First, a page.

Elections Commission denies bribery complaint in state superintendent race
MADISON — The Wisconsin Elections Commission has decided not to investigate a complaint from the liberal group One Wisconsin Now into an alleged deal between two candidates for state superintendent that included a $150,000 state job and a driver.
In closing out the complaint, the commission decided the allegations do not violate the election bribery law in Wisconsin.
State Superintendent Tony Evers said elections officials should investigate his opponent for sending campaign-related emails from his suburban Milwaukee school district’s account last year.
Lowell Holtz, who is challenging the incumbent Evers in the April election, denied that his use of the district’s email account violated state law. The liberal group One Wisconsin Now released the emails, which it got through an open records request of Whitnall School District in Greenfield, where Holtz was superintendent until June 2016.
“It never crossed my mind that I would be violating anything — I’m still not sure I violated anything,” Holtz said. “But if I did, I am the type of person who’s willing to name it, own it and fix it.”
Holtz previously faced scrutiny during the February primary when he and another opponent alleged each other of trying to make a deal in which one candidate would drop out and receive a $150,000 state job and a driver.
In one of the emails, Holtz used his Whitnall district account to send his wife a draft of a letter that seeks support for his campaign from someone named Diane.
In the draft, Holtz highlights his conservative credentials by saying Milwaukee County Sheriff David Clarke supported his candidacy. He also pledged to promote positions during the campaign “that align with the Governor’s thoughts.”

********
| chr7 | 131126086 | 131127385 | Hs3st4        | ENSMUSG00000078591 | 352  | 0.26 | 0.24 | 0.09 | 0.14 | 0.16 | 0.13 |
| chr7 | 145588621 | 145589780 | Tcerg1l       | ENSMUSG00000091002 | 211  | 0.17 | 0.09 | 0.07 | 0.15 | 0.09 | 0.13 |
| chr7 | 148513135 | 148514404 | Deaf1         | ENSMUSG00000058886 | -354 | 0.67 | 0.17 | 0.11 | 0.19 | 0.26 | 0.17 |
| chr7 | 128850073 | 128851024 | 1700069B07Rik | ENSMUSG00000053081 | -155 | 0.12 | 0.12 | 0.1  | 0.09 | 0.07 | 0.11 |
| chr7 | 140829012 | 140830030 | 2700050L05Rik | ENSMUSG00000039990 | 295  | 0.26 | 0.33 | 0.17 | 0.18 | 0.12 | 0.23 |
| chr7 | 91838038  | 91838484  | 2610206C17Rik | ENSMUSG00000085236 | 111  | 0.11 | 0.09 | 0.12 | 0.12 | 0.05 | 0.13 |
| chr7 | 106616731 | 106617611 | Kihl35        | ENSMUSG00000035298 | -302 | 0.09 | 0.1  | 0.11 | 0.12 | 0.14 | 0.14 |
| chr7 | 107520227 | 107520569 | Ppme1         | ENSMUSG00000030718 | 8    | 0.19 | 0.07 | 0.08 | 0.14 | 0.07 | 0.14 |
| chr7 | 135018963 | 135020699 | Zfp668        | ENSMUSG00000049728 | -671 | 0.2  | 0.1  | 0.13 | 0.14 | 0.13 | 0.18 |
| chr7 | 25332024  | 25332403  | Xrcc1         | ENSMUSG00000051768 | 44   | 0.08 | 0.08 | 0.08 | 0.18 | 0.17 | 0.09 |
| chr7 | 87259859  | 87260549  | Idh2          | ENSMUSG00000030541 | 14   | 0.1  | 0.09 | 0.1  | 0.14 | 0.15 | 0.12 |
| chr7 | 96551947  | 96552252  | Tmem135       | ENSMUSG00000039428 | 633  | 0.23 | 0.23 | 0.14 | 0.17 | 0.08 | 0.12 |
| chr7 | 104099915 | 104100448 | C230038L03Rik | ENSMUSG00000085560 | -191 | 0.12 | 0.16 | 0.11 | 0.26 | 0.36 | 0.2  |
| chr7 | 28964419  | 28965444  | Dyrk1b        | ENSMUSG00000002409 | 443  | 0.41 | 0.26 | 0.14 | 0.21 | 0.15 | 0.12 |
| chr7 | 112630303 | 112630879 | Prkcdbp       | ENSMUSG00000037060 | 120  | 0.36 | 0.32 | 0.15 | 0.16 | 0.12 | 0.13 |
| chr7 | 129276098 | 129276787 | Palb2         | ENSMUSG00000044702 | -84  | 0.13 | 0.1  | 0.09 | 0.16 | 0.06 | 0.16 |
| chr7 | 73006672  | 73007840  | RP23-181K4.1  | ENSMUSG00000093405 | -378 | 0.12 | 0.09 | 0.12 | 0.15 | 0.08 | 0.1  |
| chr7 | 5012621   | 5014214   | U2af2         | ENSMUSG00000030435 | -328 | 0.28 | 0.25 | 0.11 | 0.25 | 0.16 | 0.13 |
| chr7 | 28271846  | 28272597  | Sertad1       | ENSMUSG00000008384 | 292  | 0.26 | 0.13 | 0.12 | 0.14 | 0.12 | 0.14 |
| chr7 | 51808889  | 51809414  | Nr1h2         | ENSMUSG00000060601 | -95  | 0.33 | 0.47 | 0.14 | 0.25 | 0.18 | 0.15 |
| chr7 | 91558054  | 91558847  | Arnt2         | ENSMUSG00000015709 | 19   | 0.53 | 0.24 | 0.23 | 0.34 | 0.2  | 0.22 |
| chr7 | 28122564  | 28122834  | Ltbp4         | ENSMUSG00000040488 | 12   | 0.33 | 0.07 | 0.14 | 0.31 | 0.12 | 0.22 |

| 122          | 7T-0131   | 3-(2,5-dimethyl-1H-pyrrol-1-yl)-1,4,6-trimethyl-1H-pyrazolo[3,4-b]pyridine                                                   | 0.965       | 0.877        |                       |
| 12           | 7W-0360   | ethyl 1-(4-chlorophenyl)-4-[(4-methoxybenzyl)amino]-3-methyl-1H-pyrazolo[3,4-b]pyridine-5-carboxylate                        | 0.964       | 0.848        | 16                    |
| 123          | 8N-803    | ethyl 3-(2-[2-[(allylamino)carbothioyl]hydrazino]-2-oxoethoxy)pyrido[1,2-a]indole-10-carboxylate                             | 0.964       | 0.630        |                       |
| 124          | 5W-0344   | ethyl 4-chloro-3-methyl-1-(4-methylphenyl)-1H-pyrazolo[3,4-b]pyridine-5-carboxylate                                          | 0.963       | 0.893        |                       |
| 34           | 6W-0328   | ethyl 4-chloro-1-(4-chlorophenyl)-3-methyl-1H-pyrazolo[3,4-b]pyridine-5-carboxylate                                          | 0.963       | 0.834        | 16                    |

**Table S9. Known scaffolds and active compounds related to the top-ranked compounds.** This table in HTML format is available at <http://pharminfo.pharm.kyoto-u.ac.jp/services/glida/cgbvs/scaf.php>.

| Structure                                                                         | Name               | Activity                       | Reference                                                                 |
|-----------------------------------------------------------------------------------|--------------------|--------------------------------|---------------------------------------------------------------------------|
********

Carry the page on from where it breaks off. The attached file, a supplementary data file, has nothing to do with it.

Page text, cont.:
After a candidate forum on Monday, February 27th, Holtz declined to reveal the identity of the person named Diane.
In a different email, Holtz said he resigned from Whitnall because the school board was “a very tough group to work with.”
Holtz said he had “fixed” any potential conflicts when he resigned from the district to run for state superintendent full-time. He told reporters that they should cover a campaign violation committed by his opponent years ago in which Evers paid a fine.
“People need to talk about both sides,” Holtz said. “The fact that Tony had to pay a fine for illegal campaigning for fundraising — both sides need to be covered equally.”
Evers said the violation happened during his first campaign — in 2009 — and said there was a difference between his actions and Holtz’s.
“I was using my home email. I wasn’t at work. I wasn’t using my work email. I paid a small fine and learned how to press the right button,” Evers said, before calling for an investigation of Holtz. “I never thought that integrity would be an issue in this campaign, but it’s clear it’s going to be.”
The moderator at a forum on February 27th, which was hosted by Wispolitics.com, never asked the candidates about the email issue or the bribery allegations that arose during the primary. Evers and Holtz advanced; the other candidate, John Humphries, finished a distant third place.
During the forum, Evers — who is supported by unions and Democratic groups — said Act 10 has “turned off a generation” from becoming teachers by eliminating many collective bargaining rights for public workers.
Holtz — supported by charge school advocates — say bureaucracy and unsafe classrooms are what’s driving teachers away.
The winner of April’s contest will oversee the Department of Public Instruction, which runs K-12 education policy, curriculum and programs, and administers state and federal aid for all 424 public school districts. The department also works with private schools in the choice program and runs teacher licensing and regulation.